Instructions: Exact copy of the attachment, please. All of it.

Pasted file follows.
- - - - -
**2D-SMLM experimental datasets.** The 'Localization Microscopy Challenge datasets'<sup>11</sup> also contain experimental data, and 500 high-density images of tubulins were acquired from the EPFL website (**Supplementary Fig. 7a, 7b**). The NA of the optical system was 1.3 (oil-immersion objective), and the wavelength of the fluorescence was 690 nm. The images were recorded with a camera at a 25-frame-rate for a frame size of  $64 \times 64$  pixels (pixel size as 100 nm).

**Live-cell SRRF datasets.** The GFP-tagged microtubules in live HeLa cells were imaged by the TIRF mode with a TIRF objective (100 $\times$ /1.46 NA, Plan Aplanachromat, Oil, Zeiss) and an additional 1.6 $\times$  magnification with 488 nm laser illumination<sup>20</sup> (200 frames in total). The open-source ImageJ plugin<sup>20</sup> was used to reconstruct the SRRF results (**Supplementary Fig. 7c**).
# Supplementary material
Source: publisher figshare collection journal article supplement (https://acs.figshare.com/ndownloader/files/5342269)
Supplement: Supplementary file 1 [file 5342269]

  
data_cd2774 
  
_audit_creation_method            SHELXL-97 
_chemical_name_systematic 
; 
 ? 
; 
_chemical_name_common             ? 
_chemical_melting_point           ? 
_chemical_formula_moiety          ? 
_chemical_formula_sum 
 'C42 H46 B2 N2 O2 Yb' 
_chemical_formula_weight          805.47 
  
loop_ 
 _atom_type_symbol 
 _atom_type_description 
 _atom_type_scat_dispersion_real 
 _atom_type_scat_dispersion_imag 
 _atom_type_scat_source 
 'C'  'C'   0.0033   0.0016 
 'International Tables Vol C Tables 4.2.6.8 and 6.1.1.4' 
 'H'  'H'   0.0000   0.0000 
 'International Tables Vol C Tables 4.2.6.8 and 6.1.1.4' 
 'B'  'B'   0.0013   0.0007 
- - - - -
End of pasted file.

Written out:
**2D-SMLM experimental datasets.** The 'Localization Microscopy Challenge datasets'<sup>11</sup> also contain experimental data, and 500 high-density images of tubulins were acquired from the EPFL website (**Supplementary Fig. 7a, 7b**). The NA of the optical system was 1.3 (oil-immersion objective), and the wavelength of the fluorescence was 690 nm. The images were recorded with a camera at a 25-frame-rate for a frame size of  $64 \times 64$  pixels (pixel size as 100 nm).

**Live-cell SRRF datasets.** The GFP-tagged microtubules in live HeLa cells were imaged by the TIRF mode with a TIRF objective (100 $\times$ /1.46 NA, Plan Aplanachromat, Oil, Zeiss) and an additional 1.6 $\times$  magnification with 488 nm laser illumination<sup>20</sup> (200 frames in total). The open-source ImageJ plugin<sup>20</sup> was used to reconstruct the SRRF results (**Supplementary Fig. 7c**).
# Supplementary material
Source: publisher figshare collection journal article supplement (https://acs.figshare.com/ndownloader/files/5342269)
Supplement: Supplementary file 1 [file 5342269]

  
data_cd2774 
  
_audit_creation_method            SHELXL-97 
_chemical_name_systematic 
; 
 ? 
; 
_chemical_name_common             ? 
_chemical_melting_point           ? 
_chemical_formula_moiety          ? 
_chemical_formula_sum 
 'C42 H46 B2 N2 O2 Yb' 
_chemical_formula_weight          805.47 
  
loop_ 
 _atom_type_symbol 
 _atom_type_description 
 _atom_type_scat_dispersion_real 
 _atom_type_scat_dispersion_imag 
 _atom_type_scat_source 
 'C'  'C'   0.0033   0.0016 
 'International Tables Vol C Tables 4.2.6.8 and 6.1.1.4' 
 'H'  'H'   0.0000   0.0000 
 'International Tables Vol C Tables 4.2.6.8 and 6.1.1.4' 
 'B'  'B'   0.0013   0.0007 